Thursday, 20 June 2013

#artmooc week four: through the lens… lessons for practice

This week was interesting on many levels: content, task, student reactions. The course covered portraiture from Egyptian statuary to the feminist photo-portraits of Cindy Sherman. We explored the differing relationships between the portrait and society; and between artist – model - society.  Early portraits demonstrate power and status, caricatures became political commentary and documentary style photography was used in the early 19th century to educate the workers about the new technology of the industrial revolution. Dorothea Lange documented the Depression and the Second World War in America – with specific reference to the impact on the lives of ordinary people.  This sort of documentary work was not just to record inequality in society – it was designed to change society.
This week’s task was to take a black and white photograph of a chosen subject – and then to render that as a collage portrait using newspaper pieces. The intention was to get us to explore texture and tone in a very slow, intense and embodied way; and to use those to portray the essence of our subject to the audience.
Here are some of my pictures – with a brief discussion of what I was trying to achieve – followed by potential lessons for practice.





 Wild one:
I developed a collage portrait of a youth in a leather jacket standing in a still wild space in urban London.... This was the 1980s and had exactly the feeling that I wanted to explore - human 'wildness' in an urban setting. After sketching the face onto a larger sheet of paper – using a pencil to indicate tone – I started to build up the portrait.
When making the collage
I sat down with the photo in front of me - and the sketch on the floor and a large pile of Observer newspapers. I started to tear off dark strips to capture the darkest parts of the picture - and also to set a shape to the face. As I started to fill in the outline and formalise a shape, I started to use elements of more organic pictures - earth, rocks, trees, elephant skin, sky, clouds, fur - to detail the face and create the wild feeling that I was after. I don’t think that I obeyed the ‘rules’ of the task – but I am really pleased with the final portrait and the effect is achieves.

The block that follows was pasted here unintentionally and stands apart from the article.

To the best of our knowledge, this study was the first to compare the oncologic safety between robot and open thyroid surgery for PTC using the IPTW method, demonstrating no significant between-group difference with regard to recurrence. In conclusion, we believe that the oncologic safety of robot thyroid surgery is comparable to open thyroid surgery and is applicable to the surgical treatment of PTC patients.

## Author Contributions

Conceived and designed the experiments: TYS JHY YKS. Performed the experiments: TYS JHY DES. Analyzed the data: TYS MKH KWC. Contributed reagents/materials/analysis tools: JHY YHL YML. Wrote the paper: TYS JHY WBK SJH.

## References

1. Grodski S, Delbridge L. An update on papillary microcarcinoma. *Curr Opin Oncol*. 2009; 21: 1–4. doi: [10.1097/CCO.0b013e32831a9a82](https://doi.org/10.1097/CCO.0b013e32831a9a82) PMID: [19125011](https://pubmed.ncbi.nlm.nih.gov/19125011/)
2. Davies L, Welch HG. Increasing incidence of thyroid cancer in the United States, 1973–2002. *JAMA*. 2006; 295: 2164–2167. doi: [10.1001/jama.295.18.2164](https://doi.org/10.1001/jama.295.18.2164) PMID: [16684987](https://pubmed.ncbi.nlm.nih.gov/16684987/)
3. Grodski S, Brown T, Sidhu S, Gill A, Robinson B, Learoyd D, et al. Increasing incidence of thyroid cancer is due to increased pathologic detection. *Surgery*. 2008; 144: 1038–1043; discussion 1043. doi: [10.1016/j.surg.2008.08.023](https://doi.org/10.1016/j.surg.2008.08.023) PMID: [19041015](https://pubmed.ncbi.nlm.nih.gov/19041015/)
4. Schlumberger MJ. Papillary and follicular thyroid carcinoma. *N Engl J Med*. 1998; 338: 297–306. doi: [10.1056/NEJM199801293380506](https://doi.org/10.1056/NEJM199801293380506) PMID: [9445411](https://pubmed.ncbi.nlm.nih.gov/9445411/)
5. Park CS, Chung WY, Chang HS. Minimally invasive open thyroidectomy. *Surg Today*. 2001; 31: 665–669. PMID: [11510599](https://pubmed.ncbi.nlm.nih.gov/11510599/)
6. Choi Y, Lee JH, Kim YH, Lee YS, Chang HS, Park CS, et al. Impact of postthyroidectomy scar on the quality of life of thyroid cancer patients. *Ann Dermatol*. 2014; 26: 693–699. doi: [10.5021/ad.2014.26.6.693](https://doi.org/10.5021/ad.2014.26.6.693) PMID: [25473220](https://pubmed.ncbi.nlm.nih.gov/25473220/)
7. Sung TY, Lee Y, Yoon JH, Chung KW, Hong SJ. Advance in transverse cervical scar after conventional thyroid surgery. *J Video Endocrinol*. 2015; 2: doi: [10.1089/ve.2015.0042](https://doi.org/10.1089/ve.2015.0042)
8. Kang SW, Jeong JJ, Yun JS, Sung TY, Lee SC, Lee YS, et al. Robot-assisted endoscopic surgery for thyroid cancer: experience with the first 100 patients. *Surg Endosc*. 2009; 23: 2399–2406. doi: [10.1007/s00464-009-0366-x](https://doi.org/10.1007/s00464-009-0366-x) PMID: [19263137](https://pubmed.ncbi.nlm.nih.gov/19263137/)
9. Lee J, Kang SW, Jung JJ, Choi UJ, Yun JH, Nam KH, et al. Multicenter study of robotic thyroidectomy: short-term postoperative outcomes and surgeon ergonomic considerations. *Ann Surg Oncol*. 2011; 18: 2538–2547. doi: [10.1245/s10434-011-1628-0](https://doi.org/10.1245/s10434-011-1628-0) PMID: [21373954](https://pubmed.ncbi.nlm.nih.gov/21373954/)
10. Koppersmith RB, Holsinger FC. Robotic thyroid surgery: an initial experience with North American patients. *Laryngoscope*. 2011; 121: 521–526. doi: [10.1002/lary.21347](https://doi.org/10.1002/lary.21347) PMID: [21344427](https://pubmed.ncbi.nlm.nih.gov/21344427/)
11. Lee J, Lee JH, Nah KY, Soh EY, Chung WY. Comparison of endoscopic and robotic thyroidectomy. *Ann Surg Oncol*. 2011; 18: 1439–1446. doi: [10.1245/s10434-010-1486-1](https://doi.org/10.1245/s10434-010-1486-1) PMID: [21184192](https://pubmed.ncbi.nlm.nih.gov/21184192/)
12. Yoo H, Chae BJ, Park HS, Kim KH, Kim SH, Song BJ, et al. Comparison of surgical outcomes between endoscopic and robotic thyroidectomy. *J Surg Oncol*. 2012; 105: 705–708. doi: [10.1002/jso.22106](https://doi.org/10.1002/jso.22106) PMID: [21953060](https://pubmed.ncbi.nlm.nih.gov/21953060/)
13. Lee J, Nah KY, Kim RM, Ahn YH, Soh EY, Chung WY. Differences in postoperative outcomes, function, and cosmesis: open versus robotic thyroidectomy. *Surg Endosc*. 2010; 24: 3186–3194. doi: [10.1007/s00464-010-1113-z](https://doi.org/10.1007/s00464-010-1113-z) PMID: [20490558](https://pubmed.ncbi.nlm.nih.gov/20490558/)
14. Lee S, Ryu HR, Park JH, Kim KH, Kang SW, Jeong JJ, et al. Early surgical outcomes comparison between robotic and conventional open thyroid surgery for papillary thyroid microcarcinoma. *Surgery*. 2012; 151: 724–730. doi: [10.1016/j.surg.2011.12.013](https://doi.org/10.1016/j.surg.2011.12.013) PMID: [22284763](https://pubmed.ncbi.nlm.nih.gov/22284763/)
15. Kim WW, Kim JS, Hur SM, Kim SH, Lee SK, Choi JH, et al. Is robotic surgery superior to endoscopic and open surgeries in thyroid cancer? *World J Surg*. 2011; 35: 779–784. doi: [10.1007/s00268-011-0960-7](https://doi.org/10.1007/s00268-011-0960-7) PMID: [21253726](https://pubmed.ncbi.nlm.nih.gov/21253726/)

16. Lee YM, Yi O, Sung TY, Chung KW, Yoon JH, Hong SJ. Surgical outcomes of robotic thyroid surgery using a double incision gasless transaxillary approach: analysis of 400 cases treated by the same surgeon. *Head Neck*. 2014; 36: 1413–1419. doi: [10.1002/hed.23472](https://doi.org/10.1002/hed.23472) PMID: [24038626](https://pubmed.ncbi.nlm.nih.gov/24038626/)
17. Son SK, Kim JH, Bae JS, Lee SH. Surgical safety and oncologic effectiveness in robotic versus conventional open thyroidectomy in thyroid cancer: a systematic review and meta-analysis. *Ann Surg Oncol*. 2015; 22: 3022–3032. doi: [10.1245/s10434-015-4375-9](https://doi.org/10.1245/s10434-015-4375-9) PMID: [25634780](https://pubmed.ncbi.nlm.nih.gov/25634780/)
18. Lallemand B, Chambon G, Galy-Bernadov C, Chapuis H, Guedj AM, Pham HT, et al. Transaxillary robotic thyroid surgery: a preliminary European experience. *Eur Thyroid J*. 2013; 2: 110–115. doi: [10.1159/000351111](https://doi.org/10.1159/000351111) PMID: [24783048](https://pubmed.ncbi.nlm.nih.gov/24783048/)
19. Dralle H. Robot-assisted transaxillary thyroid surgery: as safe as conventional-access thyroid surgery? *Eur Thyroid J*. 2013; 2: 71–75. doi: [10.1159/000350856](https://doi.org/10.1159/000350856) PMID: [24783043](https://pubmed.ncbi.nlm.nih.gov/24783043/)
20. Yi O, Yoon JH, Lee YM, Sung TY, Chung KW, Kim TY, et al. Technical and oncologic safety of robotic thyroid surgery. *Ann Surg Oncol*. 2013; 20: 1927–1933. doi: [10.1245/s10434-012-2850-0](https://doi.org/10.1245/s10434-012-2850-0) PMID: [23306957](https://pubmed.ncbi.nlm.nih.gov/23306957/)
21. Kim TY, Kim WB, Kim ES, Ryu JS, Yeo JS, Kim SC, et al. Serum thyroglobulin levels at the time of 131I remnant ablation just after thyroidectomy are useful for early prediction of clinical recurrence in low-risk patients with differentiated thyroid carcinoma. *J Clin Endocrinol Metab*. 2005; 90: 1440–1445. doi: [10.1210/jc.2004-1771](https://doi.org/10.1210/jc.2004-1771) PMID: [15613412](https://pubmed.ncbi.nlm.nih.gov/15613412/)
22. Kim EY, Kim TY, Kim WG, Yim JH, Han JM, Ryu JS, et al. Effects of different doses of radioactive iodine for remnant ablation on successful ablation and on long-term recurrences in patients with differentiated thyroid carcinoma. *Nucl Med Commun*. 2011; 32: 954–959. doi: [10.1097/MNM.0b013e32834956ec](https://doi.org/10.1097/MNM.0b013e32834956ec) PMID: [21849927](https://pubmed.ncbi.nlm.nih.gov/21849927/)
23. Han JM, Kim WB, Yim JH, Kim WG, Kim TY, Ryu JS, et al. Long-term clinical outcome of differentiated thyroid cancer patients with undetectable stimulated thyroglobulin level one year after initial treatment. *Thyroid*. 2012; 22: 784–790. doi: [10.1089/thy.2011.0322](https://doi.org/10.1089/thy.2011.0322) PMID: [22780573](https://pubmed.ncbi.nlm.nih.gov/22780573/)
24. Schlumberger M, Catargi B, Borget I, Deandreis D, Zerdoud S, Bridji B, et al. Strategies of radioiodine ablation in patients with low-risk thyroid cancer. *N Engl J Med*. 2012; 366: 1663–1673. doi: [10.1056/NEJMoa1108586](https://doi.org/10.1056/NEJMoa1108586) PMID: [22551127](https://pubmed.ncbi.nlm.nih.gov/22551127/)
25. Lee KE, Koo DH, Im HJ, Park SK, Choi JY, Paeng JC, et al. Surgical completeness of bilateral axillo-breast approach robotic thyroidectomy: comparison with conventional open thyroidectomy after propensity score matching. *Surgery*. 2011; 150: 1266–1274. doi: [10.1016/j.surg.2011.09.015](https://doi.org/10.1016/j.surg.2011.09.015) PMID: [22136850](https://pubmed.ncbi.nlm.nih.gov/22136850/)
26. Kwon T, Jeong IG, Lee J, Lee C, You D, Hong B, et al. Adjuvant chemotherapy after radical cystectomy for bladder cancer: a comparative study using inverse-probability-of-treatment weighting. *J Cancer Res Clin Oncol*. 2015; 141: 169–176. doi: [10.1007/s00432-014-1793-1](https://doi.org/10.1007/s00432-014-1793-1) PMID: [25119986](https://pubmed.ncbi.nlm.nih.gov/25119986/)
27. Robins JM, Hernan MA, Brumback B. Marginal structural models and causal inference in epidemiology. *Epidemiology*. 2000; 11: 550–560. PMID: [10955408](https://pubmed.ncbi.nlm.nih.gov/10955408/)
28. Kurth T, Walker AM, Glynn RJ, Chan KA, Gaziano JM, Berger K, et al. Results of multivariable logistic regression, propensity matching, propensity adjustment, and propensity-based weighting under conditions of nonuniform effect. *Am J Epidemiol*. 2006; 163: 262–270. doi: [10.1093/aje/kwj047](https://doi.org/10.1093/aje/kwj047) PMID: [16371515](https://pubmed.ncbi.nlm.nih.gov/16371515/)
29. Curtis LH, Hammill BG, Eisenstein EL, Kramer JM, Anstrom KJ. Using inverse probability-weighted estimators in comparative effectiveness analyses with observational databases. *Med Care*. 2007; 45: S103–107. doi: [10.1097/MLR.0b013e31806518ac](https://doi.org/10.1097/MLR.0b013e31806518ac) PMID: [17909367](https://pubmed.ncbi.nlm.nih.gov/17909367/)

General lessons: As always - the most basic lesson for practice is to recreate this activity as a multi-modal experience - requiring students to slowly create meaningful images... Or you can set students the task of documentary photography - either to teach a topic themselves in a photo-essay or to record a particular phenomenological situation. If your students are making their own digital artefacts, the whole lesson that we covered would be useful. You could set the students the task of exploring the development of the portrait from the Egyptians through the imagery of the middle ages and the renaissance to Cindy Sherman - and to convey what they had learned visually. They would learn much that would develop their ability to tell stories in ways that put them in control of their own imagery. Here are a couple of other things I discovered:
#8 There will be dissent… but *still* the best student is not the most obedient
No matter how interesting or meaningful or challenging the assignment - there will be dissent. When you have set a good task with excellent learning outcomes, stick with it – do not be ‘bullied’ by negative student voices… At the same time – the best students are not necessarily the most obedient ones. It can be the most engaged who are often the ones who push and pull at the boundaries – who challenge the rules and constraints. It is our art to know the difference. 
#9 It is worth investing time in slow, embodied learning
So many students in the MOOC complained about this week’s task… and yes, it was a slow and painful process to put the portrait together. It would have been much easier to create tone and texture with a pencil… But this difficult and ungainly task allowed difference and otherness to emerge – and built a different relationship to tone and texture. In this byte-sized 24/7 world it is still important to create these slow learning moments. One way to recreate this in your subject might be to get your students to create 3D models of the concepts and theories you are exploring…


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